SummaryRead the full fact sheet
- If you think you may have an allergy, see your doctor for allergy testing.
- You could also keep a symptom diary to record the times and situations when your asthma is worse and to help identify triggers.
- Identifying and reducing exposure to avoidable asthma triggers may improve your asthma control.
- Make sure you have an up-to-date asthma action plan, and continue to use your asthma medication as directed.
People with have sensitive airways that can react to different in their environment. For some, ongoing exposure to triggers can cause continued inflammation (swelling and redness) and excess mucus production in the airways, making their asthma worse.
Asthma and allergic conditions
Atopy is the genetic tendency to develop allergic conditions. Many people with asthma are atopic, which means they have an increased risk of developing other allergic conditions.
Although allergies may run in families, individuals may have different allergic responses.
Some allergic reactions may include:
- – sneezing, blocked and runny nose, itchy eyes and throat
- – dry, red, itchy skin
- – skin rashes
- – a severe form of an allergic reaction that is potentially life-threatening.
Identifying asthma triggers
Everyone's asthma is different, and everyone has different triggers. For most people with asthma, triggers are only a problem when their asthma is not well managed.
Identifying and reducing exposure to your allergen triggers may make your asthma symptoms easier to manage.
If you think you may have an allergy, keep a symptom diary to help identify triggers. Record the times and situations when your asthma is worse and then see your doctor for advice.
Types of asthma triggers
- Avoidable triggers – including , , irritants (such as perfumes, chemicals, cold/dry air, smoke and paint) certain medicines and dietary triggers.
- Unavoidable triggers – such as , , laughter, respiratory tract infections, certain medicines, certain medical conditions, extreme emotions, hormonal changes, and .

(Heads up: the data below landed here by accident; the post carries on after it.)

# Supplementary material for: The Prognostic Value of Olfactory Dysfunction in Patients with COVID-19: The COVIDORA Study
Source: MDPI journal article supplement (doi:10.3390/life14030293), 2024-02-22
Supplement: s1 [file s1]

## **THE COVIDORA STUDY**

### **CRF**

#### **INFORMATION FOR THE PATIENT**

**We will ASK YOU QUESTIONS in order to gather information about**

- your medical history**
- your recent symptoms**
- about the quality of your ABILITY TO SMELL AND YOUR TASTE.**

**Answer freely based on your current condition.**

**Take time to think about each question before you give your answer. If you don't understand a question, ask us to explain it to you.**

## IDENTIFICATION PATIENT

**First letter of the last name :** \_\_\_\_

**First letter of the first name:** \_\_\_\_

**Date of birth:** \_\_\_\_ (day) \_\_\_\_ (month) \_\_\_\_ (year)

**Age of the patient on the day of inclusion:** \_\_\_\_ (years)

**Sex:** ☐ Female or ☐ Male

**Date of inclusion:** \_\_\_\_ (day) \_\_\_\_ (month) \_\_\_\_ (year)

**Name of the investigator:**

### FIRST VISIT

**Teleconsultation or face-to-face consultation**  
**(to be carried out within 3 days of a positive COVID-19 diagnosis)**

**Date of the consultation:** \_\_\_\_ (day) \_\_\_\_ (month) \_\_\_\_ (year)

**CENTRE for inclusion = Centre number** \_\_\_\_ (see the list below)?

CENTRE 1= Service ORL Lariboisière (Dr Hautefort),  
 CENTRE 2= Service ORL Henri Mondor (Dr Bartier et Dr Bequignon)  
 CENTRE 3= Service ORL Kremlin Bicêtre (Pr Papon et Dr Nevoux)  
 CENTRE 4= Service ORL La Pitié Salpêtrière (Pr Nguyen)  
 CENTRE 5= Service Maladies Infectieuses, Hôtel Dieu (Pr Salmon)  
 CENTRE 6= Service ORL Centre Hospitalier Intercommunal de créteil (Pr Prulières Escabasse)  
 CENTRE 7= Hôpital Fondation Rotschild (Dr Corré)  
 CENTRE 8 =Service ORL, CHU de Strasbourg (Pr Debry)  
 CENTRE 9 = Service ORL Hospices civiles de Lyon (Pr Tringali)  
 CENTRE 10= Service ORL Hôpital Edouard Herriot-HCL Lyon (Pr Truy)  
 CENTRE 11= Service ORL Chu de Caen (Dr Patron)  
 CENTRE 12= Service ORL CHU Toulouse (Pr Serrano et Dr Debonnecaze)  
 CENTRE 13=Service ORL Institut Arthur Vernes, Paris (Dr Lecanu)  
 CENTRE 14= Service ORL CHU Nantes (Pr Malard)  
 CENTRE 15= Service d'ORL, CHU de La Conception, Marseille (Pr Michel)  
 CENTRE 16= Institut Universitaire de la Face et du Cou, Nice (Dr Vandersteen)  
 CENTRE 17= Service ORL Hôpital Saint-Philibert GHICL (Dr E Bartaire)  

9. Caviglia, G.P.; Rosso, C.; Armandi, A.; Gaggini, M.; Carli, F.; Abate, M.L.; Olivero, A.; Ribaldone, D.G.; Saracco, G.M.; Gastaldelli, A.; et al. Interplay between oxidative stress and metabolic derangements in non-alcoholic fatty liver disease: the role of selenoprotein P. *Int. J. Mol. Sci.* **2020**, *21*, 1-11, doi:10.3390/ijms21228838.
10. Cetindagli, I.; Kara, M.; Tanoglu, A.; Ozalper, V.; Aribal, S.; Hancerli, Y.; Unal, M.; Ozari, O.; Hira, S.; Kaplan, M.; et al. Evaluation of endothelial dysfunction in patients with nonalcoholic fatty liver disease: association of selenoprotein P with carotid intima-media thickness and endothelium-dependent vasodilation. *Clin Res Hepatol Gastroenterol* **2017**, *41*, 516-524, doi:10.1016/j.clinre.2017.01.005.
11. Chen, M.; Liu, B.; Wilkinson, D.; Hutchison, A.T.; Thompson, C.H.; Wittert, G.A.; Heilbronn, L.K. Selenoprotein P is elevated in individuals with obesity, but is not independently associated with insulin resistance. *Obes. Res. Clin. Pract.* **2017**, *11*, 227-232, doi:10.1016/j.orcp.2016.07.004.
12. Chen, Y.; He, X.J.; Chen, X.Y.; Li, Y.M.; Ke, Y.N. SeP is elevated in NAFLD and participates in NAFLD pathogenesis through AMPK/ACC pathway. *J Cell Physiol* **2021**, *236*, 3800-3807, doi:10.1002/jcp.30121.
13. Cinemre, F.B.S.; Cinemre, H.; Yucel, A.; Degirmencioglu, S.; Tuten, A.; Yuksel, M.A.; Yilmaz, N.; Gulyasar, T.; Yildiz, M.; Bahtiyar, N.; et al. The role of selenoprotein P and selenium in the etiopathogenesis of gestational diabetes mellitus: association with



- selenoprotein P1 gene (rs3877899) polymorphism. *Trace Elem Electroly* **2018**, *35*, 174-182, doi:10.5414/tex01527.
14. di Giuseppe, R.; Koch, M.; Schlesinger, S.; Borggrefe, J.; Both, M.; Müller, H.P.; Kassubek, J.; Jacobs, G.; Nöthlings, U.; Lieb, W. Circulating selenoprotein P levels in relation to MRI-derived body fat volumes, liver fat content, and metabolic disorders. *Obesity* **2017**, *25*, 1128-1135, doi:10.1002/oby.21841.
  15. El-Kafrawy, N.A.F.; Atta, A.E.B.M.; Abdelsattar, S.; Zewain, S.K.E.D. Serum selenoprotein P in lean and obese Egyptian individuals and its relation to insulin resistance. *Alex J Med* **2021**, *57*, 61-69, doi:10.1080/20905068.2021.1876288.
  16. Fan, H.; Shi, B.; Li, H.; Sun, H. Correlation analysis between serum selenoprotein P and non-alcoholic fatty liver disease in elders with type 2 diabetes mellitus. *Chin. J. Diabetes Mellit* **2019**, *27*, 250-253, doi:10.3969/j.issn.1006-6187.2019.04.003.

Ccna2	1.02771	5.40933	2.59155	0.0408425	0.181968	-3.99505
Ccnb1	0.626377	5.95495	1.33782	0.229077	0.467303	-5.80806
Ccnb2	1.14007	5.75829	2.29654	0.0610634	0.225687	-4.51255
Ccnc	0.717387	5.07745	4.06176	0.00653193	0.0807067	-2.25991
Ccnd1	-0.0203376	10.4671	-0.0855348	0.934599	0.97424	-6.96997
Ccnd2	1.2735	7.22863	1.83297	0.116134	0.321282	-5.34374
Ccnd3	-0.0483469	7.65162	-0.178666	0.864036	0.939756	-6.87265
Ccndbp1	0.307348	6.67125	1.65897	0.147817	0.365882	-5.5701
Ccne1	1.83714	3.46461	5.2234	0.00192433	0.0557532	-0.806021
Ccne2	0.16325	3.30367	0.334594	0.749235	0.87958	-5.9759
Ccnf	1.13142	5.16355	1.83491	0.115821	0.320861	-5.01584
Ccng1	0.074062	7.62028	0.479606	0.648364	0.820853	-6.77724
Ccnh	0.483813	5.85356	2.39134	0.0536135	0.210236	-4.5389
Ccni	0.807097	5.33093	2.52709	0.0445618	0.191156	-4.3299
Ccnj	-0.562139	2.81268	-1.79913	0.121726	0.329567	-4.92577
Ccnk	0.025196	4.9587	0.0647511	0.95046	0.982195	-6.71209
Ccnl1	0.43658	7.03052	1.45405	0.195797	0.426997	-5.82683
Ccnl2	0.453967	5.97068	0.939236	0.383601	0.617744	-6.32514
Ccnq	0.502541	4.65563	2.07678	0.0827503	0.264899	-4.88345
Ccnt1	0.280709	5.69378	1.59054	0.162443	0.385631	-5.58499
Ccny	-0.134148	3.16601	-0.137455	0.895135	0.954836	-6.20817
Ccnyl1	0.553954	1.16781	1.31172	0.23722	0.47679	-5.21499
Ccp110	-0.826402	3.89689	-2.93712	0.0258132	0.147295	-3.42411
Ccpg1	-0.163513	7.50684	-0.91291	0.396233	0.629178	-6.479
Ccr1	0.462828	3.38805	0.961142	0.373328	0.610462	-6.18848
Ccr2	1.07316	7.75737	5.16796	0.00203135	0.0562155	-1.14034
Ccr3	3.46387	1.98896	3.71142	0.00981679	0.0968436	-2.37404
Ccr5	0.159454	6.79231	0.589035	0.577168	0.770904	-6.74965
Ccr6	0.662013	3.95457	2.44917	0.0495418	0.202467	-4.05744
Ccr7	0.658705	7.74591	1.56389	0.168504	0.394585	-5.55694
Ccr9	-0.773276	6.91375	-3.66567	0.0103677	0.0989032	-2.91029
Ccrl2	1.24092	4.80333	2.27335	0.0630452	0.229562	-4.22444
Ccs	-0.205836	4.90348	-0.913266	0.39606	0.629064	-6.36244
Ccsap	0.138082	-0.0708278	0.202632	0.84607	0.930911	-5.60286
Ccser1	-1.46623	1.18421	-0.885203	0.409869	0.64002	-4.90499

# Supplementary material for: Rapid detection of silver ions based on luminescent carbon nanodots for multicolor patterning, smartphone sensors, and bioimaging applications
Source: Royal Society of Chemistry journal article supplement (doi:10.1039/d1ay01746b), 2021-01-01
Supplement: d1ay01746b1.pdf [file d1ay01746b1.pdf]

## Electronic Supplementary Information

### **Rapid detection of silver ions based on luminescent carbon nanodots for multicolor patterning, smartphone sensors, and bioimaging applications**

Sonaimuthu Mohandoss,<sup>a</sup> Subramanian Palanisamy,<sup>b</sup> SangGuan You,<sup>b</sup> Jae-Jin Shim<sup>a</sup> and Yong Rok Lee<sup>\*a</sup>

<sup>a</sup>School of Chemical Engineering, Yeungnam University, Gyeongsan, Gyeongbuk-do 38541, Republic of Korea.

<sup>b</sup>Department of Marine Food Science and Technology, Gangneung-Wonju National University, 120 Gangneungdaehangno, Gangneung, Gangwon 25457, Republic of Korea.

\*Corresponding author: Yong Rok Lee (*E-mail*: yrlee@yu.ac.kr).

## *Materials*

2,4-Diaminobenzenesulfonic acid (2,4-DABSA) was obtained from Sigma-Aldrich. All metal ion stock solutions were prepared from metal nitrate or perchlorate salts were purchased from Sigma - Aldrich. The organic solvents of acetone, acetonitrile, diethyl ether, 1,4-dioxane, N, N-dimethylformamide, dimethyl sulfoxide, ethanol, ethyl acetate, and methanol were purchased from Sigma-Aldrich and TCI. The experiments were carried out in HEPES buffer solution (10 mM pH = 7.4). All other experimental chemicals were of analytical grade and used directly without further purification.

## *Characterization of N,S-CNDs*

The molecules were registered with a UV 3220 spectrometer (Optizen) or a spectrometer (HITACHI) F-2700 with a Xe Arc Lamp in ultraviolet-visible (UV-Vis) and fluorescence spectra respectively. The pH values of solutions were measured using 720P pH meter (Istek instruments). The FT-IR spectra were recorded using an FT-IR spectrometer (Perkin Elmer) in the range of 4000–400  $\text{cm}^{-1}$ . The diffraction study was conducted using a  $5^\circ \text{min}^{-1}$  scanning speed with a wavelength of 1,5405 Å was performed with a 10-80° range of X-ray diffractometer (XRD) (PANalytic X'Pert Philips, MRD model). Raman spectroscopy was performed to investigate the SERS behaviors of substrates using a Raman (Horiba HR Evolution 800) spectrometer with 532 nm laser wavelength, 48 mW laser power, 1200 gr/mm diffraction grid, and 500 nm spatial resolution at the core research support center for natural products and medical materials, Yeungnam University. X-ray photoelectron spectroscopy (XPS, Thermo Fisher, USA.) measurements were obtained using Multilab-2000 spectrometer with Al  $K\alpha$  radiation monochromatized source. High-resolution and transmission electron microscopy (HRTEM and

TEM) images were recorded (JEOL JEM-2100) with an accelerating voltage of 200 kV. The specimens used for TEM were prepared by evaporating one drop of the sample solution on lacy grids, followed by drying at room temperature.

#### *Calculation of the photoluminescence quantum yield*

Asthma induced by exercise can usually be treated effectively with the right medicine and the right plan.
Allergens that trigger asthma
If you are allergic to something – eating, inhaling, injecting or touching it can bring on an allergic reaction.
For someone who is sensitive to an allergen, asthma symptoms may occur when they breathe a substance into their lungs. This can make the airway lining swell and the muscles around the airway tighten. Eventually the airway may narrow and cause breathing difficulties.
Common allergic triggers for asthma include:
Allergy testing for asthma
Skin prick tests
Skin prick tests can be done by your GP or an allergy specialist. Small amounts of different allergen solutions, (such as pollen extract), are applied to the forearm or the back with a dropper, and the skin gently pricked with a sterile lancet. If you have a reaction to the allergen the skin swells or develops a welt.
Serum specific IgE allergy tests
Serum specific IgE allergy tests are blood tests that detect specific IgE antibodies. These antibodies are made by your body’s immune system against allergens (such as dust mites, pollens, animal dander, moulds and foods).
These skin and blood tests are not conclusive in determining asthma triggers. Just because your skin and blood react to an allergen, doesn't mean your lungs will too. Think of these tests as a helpful ingredient for your doctor to use to assess your overall health and asthma and allergy needs.
Allergy tests can however help define the substances you are allergic to and enable a precision approach to managing that trigger.
Tests such as these should only ever be performed under the guidance of a doctor or allergy specialist.
Allergens in the workplace
There are many substances in the workplace that may cause asthma to develop, or trigger asthma symptoms in someone who already has asthma.
Occupational asthma can occur in many types of workplaces, but is most commonly reported where people are working with flour or grains and isocyanates (chemicals which are found in paints as hardening agents).
Other substances may include wood dust, strong cleaning products, chemicals, or animal allergens.